Caroline Overington says “this is journalism”.
IT was bound to happen: Australia’s first high-profile Twitter defamation case is set to be launched, with editor-in-chief of The Australian Chris Mitchell saying he will sue journalism academic Julie Posetti for something she posted on Twitter. This naturally caused a storm of protest: News Limited wants to crush bloggers! The mighty Murdoch press quakes at the power of Twitter! The facts are somewhat simpler: Posetti sat in on a conference where serious allegations were made about Mitchell. Posetti published those allegations without checking to see if they were true or asking Mitchell for a response. That’s the kind of mistake journalists try to avoid, but it does happen. If it had happened on a newspaper, the paper would have to apologise, correct the record, and if damage had been done to someone’s reputation, pay recompense. Strip out the sexy addition of social media, in other words, and this is journalism – the rules are there to keep us all honest, so let’s not try to bend them.
Serious allegations?? About Mitchell the person, or his editorial style in relation to Climate Change? If Julie Possetti “published those allegations without checking to see if they were true”, one presumes such a claim is made in the full knowledge that Possetti wasn’t present at the conference where said claims were made, which is not true. She WAS there, and tweeted as Wahlquist made her statements. The issue of context does come into play, but why would Possetti post something which wasn’t even remotely true, according to Mitchell?
Let me ask this. Is social media – Twitter in this case – simply a soap box for the inane and ill-mannered as many in the so-called ‘professional journalism’ sphere have declared, or is it in fact journalism of exactly the same calibre as the professionals? The law doesn’t see a great deal in it. From all the reading I’ve done and reportage from the conference in question by other attendees apart from Julie Possetti appears to bear out what she’d tweeted. Naturally, if Asa Wahlquist wants to, some day, go back to being a wage slave at The Oz, she’s going to say she was taken out of context. It’s a simple claim and one that’s entirely unable to be substantiated either way. Unless there’s a voice recording or video tape of the actual utterances the entire issue devolves into “he-said-she-said” and no-one wins other than the barristers for either side.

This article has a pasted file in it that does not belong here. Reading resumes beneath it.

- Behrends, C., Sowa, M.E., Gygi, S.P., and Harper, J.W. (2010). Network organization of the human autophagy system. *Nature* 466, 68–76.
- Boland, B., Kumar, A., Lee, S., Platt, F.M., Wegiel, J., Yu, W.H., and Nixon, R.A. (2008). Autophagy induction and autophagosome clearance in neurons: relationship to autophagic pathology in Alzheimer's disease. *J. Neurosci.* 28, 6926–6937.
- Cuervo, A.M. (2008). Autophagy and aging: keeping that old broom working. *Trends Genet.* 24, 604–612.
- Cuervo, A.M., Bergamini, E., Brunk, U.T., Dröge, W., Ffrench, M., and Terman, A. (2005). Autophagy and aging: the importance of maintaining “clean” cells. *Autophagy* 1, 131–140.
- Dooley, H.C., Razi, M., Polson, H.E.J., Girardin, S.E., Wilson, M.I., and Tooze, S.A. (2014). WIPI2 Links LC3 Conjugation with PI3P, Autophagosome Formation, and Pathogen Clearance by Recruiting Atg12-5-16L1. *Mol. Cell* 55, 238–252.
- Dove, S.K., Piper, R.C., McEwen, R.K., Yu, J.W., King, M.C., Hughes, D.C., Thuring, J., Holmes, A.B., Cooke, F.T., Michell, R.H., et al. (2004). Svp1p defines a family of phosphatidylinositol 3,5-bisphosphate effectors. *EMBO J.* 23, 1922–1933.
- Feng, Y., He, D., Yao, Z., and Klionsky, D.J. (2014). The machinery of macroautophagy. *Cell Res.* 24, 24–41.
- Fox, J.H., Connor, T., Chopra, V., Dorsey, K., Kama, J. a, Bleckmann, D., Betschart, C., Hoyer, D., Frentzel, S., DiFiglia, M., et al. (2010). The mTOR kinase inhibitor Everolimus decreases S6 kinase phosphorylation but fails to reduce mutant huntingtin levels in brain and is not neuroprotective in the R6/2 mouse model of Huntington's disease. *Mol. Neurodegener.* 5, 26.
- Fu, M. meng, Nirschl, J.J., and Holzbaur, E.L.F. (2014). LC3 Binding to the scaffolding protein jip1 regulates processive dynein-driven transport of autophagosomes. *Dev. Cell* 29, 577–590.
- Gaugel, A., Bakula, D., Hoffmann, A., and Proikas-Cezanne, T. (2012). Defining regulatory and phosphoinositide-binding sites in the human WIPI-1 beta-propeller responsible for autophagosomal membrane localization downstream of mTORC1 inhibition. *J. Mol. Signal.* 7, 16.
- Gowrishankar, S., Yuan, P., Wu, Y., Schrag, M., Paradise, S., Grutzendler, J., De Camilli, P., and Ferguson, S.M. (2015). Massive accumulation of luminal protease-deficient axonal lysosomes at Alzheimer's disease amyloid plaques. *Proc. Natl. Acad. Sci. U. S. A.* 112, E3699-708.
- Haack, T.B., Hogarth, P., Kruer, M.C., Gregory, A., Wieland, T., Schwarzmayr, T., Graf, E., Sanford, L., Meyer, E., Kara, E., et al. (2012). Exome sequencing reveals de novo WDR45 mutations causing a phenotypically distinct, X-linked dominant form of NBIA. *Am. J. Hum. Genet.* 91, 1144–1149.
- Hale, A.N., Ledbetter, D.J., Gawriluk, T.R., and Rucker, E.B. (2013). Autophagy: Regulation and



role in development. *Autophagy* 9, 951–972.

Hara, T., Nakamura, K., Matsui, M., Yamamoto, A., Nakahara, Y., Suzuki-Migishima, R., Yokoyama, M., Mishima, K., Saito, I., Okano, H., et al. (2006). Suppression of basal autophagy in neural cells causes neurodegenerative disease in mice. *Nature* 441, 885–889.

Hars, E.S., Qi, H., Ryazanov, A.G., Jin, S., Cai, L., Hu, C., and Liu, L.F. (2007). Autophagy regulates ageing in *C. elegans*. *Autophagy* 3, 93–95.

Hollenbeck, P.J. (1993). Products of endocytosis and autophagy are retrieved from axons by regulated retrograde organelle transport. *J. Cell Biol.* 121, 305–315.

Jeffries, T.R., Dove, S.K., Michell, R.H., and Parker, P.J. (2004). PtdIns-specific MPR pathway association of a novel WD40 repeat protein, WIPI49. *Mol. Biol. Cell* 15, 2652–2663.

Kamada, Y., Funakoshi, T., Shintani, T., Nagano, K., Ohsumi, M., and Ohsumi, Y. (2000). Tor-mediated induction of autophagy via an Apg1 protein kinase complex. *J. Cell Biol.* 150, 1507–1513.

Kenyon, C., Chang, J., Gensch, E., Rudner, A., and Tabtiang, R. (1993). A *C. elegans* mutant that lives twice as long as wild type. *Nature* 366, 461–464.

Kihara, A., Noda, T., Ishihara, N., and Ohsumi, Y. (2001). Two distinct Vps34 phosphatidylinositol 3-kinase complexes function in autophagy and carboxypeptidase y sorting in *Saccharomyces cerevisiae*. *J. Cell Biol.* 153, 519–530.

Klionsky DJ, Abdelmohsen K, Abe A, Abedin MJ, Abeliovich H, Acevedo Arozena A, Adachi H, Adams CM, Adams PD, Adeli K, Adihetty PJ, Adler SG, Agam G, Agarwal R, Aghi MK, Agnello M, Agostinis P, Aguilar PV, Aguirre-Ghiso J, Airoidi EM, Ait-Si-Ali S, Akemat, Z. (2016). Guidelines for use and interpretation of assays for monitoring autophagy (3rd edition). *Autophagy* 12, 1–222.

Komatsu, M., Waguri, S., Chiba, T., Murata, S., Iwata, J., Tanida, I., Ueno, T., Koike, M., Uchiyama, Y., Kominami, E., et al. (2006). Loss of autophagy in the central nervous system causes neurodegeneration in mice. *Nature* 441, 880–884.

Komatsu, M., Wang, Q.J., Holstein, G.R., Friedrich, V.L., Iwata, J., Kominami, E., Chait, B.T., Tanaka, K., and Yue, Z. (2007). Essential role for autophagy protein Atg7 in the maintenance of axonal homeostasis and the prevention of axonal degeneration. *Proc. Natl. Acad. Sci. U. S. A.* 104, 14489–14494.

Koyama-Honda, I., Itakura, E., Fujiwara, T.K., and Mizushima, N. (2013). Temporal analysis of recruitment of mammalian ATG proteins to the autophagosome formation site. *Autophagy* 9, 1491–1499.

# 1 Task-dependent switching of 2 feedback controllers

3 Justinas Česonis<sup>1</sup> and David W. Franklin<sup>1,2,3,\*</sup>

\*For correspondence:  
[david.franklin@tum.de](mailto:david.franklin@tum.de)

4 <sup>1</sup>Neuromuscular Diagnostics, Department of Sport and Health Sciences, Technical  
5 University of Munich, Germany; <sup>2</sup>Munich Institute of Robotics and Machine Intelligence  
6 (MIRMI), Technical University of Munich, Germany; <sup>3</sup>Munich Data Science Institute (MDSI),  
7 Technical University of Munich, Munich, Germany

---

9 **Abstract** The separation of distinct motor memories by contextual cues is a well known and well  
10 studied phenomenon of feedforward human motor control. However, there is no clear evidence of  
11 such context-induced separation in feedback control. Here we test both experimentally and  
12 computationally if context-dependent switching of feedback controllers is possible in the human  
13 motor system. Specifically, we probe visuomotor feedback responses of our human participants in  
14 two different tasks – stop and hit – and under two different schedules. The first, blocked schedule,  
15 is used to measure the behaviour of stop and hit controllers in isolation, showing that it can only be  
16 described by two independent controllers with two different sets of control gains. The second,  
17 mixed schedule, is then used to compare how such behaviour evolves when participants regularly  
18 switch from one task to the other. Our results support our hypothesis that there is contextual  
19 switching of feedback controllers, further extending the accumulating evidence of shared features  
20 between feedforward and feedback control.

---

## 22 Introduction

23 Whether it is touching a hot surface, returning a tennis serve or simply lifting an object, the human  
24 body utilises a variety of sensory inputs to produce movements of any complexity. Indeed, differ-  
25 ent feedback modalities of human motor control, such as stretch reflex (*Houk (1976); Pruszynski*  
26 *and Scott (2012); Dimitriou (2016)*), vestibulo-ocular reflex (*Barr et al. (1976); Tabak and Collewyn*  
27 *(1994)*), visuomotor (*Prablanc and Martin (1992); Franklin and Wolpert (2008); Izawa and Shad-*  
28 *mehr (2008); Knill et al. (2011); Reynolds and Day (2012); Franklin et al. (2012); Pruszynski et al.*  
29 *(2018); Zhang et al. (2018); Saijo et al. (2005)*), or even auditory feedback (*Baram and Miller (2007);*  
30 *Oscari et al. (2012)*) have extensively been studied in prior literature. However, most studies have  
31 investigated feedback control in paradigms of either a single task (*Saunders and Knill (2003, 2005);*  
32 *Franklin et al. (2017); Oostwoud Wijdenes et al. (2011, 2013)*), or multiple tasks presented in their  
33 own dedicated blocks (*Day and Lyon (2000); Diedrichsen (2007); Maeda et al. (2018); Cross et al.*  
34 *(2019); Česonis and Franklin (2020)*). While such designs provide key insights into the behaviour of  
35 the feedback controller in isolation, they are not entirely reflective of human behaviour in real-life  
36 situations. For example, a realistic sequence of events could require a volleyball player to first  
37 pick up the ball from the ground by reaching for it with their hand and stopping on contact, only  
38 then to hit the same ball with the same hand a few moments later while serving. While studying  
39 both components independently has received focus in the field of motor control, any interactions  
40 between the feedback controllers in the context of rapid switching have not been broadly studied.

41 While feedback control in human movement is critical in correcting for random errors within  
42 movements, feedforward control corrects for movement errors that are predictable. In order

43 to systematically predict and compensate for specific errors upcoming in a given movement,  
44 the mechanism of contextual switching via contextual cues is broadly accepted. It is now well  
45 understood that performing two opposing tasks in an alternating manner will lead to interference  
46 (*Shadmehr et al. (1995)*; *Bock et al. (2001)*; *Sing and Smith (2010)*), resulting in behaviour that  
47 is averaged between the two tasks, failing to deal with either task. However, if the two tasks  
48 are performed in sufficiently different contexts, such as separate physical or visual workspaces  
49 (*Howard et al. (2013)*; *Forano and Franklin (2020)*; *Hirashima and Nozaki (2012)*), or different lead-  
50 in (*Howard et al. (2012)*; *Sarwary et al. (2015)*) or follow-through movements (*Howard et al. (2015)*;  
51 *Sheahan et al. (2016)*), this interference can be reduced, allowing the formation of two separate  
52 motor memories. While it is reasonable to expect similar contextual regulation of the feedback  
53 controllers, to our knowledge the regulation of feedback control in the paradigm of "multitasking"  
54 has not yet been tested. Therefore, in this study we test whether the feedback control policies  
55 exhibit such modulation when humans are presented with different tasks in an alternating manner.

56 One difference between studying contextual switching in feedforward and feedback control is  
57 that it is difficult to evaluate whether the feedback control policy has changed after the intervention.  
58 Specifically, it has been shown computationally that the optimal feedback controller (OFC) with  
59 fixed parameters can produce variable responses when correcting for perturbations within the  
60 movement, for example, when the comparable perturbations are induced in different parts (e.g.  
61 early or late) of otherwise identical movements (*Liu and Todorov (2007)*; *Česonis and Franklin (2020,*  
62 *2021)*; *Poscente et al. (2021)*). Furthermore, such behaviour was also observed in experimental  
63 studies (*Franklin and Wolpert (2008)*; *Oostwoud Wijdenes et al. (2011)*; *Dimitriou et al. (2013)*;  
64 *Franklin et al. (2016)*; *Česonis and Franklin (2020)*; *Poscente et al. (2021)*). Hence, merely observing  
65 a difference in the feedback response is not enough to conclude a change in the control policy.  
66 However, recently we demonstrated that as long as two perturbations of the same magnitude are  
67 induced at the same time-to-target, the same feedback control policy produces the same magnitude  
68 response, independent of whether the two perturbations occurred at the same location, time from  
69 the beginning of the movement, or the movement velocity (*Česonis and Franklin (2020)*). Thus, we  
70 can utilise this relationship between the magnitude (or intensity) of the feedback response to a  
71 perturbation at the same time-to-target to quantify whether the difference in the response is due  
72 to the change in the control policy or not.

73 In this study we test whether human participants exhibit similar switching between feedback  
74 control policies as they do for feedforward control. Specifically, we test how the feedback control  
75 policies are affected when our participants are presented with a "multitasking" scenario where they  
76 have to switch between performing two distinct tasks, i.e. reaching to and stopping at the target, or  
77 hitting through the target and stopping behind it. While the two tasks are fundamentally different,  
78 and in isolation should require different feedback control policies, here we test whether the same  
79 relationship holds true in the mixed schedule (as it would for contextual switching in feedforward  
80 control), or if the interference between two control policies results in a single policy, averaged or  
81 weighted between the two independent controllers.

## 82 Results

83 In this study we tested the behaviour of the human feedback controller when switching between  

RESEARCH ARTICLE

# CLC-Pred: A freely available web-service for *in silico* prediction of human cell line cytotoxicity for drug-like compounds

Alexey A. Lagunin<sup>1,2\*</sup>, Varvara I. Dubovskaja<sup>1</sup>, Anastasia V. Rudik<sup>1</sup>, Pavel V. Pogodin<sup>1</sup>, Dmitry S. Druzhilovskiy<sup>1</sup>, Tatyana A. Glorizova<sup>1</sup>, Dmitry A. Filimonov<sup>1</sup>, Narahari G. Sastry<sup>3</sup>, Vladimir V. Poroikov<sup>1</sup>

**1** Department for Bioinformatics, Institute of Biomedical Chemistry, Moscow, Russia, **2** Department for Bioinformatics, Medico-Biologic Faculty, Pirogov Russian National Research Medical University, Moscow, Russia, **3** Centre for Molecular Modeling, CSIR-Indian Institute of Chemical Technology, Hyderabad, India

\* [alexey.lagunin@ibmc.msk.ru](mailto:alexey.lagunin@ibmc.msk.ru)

Regardless of how one feels about old media or new media, with jealousies obvious in both camps, the recent negative fallout from the now infamous ‘Groggate’ issue – the outing of blogger Greg Jericho by News Limited journalist James Massola on the pretext of ‘public interest’, and storm of protest from social media enthusiasts which ensued – one would think that rationally, Editor-in-Chief of The Australian, Chris Mitchell would not want a repeat of that negativity casting darker shadows on his domain than already rest there. The interwebs are just overflowing with stories & different people’s ‘takes’ on the matter, with the majority of rationalisations coming from The Australian itself in a somewhat vain attempt to nullify the damage done by this simple act of bastardry.
That Mitchell should take affront at what is determined in legal circles to be hearsay, to me anyway, evokes the line from the Bard’s Hamlet, act 3, scene 2 “The lady doth protest too much, methinks”. That he should do so with such alacrity as soon as the Possetti tweet was aired infers that perhaps he does indeed have something to hide.
In conclusion, I noted a particularly damning observation by a tweeter on Friday, referring to a probable Pyrrhic Victory in Mitchell’s favour. Look it up, reader. I fear the tweeter may well be right.